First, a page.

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News Feature

Oct. 10, 2023

Students gain professional experience through summer internships

By Georgia McGonigle, communication assistant

Students at Northwest Missouri State University completed a wide range of summer internships – from artificial cattle breeding to summer camp photography – and learned new skills they can apply to their career preparation.

Internships help students develop professional skills and exercise what they’ve learned in their studies. Career Services at Northwest recommends that students gain hands-on experience outside the classroom and assists students with every step of the internship process, including searches and résumé reviews.

“Learning by doing is a different way of learning than just learning by reading or learning by writing,” Hannah Christian, the director of Career Services, said. “So, it gives students an opportunity to do something in a different way that they may not know that they like or dislike.”

A sampling of Northwest students’ recent summer internship experiences appears below.

Corben McClintock

Corben McClintock at Turner Construction.

Corben McClintock at Turner Construction.

Corben McClintock, a senior computer science major from Kansas City, Missouri, worked as an information services intern with Turner Construction.

McClintock, who worked on the construction site of a data center, was tasked with troubleshooting technology, setting up audio-visual equipment, downloading software and patching wires. He assisted anybody on the site who was facing technical issues and helped ensure that programs were functioning properly.

“Problem-solving and being an analytical thinker was really something I gained from it – just because, on a construction site, you never really knew what was going to happen,” McClintock said.

He believes the internship experience taught him things about the professional world that his coursework could not.

“The classes do help out a lot, especially computer science,” McClintock said. “They do a great job of showing you what is going to be expected of you, but there’s really no other way of learning than to get up on your feet and move quick.”

Jackson Routh

Jackson Routh interned with Select Sires.

Jackson Routh interned with Select Sires.

Jackson Routh, a senior animal science major from Gladstone, Missouri, interned with Select Sires, a global company that specializes in bovine genetics and reproduction services with cooperatives throughout the nation.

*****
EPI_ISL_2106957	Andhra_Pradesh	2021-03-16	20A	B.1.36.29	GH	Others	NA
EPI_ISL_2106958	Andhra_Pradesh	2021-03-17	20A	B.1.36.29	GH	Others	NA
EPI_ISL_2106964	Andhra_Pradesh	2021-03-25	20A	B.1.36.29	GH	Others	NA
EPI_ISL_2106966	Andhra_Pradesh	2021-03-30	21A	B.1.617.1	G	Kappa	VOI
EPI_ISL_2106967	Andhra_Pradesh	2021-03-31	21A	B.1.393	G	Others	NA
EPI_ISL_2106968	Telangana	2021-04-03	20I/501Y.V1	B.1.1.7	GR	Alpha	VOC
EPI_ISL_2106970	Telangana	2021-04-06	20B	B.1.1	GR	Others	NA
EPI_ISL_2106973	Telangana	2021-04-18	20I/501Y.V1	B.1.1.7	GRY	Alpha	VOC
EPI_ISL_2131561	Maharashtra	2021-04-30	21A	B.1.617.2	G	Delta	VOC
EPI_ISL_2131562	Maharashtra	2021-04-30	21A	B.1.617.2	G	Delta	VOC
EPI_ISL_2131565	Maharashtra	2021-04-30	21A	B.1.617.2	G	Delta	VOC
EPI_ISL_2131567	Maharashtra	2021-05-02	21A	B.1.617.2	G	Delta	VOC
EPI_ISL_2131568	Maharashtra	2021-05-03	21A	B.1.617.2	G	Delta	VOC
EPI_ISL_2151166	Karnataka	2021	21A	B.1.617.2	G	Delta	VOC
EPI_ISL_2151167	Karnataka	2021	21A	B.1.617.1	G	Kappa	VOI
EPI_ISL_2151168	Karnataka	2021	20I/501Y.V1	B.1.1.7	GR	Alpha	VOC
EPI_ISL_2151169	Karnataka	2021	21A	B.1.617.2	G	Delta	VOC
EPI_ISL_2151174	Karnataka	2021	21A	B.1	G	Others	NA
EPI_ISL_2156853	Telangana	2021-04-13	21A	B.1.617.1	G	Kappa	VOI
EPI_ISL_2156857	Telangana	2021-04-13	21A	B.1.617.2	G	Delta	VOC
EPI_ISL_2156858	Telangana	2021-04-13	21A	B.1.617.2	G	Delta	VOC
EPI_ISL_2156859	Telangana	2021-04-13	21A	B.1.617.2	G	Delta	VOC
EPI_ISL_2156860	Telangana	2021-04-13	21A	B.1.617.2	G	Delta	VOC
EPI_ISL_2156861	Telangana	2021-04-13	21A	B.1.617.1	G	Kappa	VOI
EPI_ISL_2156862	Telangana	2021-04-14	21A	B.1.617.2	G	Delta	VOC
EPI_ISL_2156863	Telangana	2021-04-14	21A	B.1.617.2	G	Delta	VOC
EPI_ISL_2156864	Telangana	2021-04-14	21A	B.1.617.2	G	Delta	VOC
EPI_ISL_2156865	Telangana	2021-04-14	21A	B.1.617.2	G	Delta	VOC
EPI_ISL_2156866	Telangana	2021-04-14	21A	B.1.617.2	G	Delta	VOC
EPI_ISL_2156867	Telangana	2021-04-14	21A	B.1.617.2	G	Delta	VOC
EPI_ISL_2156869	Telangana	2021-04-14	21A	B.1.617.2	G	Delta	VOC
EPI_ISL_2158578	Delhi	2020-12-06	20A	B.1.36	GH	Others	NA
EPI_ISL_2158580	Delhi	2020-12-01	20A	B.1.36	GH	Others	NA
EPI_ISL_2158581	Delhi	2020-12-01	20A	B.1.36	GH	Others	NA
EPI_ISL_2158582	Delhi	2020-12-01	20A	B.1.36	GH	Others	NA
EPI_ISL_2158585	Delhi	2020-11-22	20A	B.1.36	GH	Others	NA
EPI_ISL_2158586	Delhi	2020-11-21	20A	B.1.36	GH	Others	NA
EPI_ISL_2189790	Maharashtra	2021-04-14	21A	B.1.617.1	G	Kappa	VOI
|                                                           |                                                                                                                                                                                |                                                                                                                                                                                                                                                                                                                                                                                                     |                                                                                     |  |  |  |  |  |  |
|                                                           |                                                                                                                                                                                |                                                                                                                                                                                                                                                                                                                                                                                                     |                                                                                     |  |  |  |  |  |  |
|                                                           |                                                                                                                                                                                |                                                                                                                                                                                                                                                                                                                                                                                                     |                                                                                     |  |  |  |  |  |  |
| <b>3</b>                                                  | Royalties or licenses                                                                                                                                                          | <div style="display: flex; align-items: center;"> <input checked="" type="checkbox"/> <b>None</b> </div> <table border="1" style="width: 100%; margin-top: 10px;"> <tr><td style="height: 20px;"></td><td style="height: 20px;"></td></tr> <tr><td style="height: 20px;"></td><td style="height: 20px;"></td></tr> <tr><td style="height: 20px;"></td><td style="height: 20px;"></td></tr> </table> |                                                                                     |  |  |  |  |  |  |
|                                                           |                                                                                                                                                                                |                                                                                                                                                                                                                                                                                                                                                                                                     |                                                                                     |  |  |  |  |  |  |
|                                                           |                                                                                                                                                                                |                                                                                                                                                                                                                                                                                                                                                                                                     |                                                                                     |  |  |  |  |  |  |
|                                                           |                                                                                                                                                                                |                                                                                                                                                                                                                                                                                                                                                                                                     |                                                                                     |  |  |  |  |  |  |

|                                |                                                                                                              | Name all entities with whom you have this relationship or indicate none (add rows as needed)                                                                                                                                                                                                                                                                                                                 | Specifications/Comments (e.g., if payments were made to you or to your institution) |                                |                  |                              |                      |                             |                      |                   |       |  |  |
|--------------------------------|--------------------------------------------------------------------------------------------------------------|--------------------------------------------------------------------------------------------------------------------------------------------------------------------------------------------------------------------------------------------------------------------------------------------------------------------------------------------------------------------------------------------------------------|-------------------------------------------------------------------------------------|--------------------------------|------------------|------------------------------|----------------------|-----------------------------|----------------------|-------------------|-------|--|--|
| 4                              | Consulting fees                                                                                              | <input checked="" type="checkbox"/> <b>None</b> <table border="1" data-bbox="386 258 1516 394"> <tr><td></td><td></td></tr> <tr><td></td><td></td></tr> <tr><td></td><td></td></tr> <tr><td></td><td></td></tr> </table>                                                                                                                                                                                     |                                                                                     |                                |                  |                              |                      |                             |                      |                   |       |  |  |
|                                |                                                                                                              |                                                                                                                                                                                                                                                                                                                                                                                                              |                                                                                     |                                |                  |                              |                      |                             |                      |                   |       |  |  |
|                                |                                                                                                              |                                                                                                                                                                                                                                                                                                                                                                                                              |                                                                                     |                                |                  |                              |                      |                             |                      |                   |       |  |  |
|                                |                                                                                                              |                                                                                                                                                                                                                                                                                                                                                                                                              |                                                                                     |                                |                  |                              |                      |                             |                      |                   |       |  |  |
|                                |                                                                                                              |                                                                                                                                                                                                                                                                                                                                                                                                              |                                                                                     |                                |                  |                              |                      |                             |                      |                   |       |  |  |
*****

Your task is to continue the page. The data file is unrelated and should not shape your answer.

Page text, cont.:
Routh traveled to cities in Nebraska, Kansas and Missouri to help deliver breeding supplies and equipment to customers. At other times, he helped breed cattle.

During the course of the summer, Routh developed a better understanding of cattle breeding and wants to implement his skills in both his professional and personal environment.

“I really, really like the cattle industry itself, and I think I found my niche in the breeding and genetics industry,” Routh said. “I would really like to do something of this orientation after school, and even if I don’t get a job specifically, I will incorporate it into my own herd.”

Routh believes internship experience is valuable, and it allows students to explore their interests before they graduate college.

“If you want to feel more prepared to step outside of school after you graduate, do an internship,” Routh said. “If you really love something, chase it. Don’t let it go away just because you’re in school.”

Emily Hansen

Emily Hansen was a photographer at Kanakuk K-2 Kamp in Lampe, Missouri.

Emily Hansen was a photographer at Kanakuk K-2 Kamp in Lampe, Missouri.

Emily Hansen, a senior from Maryville, majoring in communication with a public relations emphasis, interned as a photographer at Kanakuk K-2 Kamp in Lampe, Missouri.

Hansen, who also is a photographer for the Bearcat cheerleading team, spent eight weeks at the summer camp taking pictures of the campers during activities like football, wakeboarding, basketball and jet skiing. Her daily duties included photographing every camp activity and meeting upload deadlines so parents could view the photos online.

The internship exposed Hansen to new photography styles and pushed her out of her comfort zone. Hansen explored new creative directions by capturing action shots of campers dunking basketballs and captured pictures while navigating a jet ski.

“I took the camera bluff-jumping with me because parents really haven’t gotten to see kids bluff-jumping,” Hansen said. “I’d go up on the ropes course and get pictures of them doing the ropes. I was fearless this summer.”